This redemption is a redemption from sin, sisters and brothers, for that is what the angel told Saint Joseph, “You are to name him Jesus because he will forgive the sins of the world” (Matt. 1:21). That is the starting point of Christian liberation. When we struggle now for human rights, for freedom, for dignity; when we feel that the church’s ministry means showing concern for those who are hungry, those who have no school, or those who suffer exclusion, we are not departing from God’s promise. He comes to free us from sin, and the church knows that the consequences of sin are all these injustices and crimes. That is why the church knows that she is saving the world when she undertakes to speak of such things.

    This is a night of triumph, a night of victory, but not a victory that leaves the enemies crushed under hatred and bloodshed. The victories achieved by bloodshed are detestable. The victories won by brute force are brutish. The victory that truly triumphs is that of faith, the victory of Christ who did not come to be served but to serve (Matt. 20:28). The triumph of his love is a peaceful triumph. Death’s triumph was not definitive. The definitive victory is the triumph of life over death, the triumph of peace, the triumph of joy, the triumph of the alleluias, the triumph of the resurrection of the Lord!

    But in this triumph there are two aspects, two phases. Don’t forget that. The first phase is Christ’s, and he is already crowned with absolute victory; he is the king of life and of eternity. Saint Paul tells us, “Christ has risen, and death has no hold on him” (Rom. 6:9). In him redemption has reached its peak. But tonight we are going to renew our baptism as Christians, and we know that for us the victory still lies ahead as the object of our hope. The banners of suffering and pain and sin and death are still raised over our world. This does not mean that Christ’s death and resurrection were a failure because of human wickedness; it just means that this is the time of the church. From the resurrection of Christ until the second coming how many centuries will pass? We do not know, but we do know that with the resurrection of Christ the victory over sin and hell and death has been guaranteed and that God has asked his church to administer this victory of Christ in the hearts of every person. That is the reason for this tremendous work of evangelization, the labor of reconciling people with God, the work of bringing the blood of Christ to the hearts of all, the work of planting the love of God in the midst of hatred, the work of sowing peace among the nations, the work of promoting justice in human relationships and respect for the rights of those sanctified by the Lord’s redemption.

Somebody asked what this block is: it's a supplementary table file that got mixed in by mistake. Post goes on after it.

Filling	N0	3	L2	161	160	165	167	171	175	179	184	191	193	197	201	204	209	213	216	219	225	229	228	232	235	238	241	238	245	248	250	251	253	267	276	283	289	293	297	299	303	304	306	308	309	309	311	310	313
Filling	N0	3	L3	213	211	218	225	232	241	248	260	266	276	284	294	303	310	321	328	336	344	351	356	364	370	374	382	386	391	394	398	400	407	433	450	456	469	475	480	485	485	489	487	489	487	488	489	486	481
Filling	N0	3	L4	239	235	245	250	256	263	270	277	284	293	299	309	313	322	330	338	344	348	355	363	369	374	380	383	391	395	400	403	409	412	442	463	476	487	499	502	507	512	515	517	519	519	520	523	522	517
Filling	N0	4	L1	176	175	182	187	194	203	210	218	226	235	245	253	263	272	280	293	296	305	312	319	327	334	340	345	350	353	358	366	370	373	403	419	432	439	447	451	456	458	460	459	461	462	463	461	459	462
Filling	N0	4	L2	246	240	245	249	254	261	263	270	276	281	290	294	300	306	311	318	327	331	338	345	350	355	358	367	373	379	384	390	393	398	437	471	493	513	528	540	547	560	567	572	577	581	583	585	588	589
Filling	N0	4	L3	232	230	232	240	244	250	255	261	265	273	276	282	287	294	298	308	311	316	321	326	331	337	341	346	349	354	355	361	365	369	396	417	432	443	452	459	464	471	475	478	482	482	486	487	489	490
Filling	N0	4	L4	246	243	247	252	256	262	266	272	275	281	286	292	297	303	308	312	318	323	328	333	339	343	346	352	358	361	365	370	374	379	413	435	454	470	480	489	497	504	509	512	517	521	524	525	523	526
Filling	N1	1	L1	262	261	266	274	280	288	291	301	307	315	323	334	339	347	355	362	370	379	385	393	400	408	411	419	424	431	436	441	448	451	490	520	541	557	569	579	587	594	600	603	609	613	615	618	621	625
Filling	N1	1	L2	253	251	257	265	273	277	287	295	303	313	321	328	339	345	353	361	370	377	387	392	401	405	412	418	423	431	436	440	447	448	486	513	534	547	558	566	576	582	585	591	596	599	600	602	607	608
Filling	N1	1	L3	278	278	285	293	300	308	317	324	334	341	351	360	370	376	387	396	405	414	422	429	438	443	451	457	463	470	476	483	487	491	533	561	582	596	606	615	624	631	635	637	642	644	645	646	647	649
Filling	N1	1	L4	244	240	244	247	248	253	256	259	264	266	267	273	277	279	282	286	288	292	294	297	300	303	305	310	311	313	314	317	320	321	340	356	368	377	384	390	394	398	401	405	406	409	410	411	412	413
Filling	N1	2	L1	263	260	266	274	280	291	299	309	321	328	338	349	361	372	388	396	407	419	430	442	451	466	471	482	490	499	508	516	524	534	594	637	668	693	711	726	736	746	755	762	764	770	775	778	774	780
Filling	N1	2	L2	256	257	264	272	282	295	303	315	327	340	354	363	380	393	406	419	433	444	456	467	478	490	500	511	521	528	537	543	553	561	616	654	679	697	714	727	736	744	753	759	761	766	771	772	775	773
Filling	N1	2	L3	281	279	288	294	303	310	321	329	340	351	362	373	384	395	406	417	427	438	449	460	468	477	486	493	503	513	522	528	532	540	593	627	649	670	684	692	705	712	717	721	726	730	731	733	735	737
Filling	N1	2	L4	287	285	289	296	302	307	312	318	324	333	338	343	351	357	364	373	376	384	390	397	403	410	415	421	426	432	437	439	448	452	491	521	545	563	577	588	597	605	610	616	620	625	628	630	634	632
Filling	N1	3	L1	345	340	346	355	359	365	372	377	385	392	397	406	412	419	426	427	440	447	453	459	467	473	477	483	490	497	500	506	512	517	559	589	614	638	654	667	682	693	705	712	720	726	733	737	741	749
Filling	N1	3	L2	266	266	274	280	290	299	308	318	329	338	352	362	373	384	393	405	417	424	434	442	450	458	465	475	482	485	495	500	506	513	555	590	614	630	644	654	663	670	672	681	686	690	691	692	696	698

As long as Christ had not risen, the minds of the disciples were missing a key. There was no way to explain the behavior, the doctrine, the miracles, and all the marvelous works of the Redeemer without the resurrection. Everything about Christ remained a mystery until the moment that he had often announced, “My hour has arrived” (John 17:1). Why would he say something like that? “The Son of Man will be handed over, and they will maltreat him and crucify him, and on the third day he will rise” (Mark 9:31). They had heard his words, but they could not understand why the Son of God made man should have to undergo debasement. The disciples experienced a great crisis in their faith before they experienced this great revelation….

    Redemption is necessary, and it comes only by the light of the dying Christ. But the mystery becomes even more obscure when Christ ends up dead on the cross. So ends the life of the just man! Is it worthwhile being good and ending up crucified? Must we remain so passive and do without the aggressive strength that can overcome the injustices of the world by force of arms? Could not God send an army of angels to do away with all the persecutors of Jesus and his church? Such questions reveal the small-mindedness of those who want to fix the world’s problems by using violence. Instead they should reflect as John did at the tomb of the risen Christ, and finally understand. For now Christ has risen; now his enemies have fled in terror. Some tried to silence the voice of the resurrection by scheming: “We’ll tell people that while you guards were sleeping, they stole the body away” (Matt. 28:13). But who can cover the sun with a finger? The resurrection is a sun that is already shining.

    Contributed By OscarRomero Oscar Romero

    During his three years as archbishop of San Salvador, Oscar Romero became known as a fearless defender of the poor and suffering.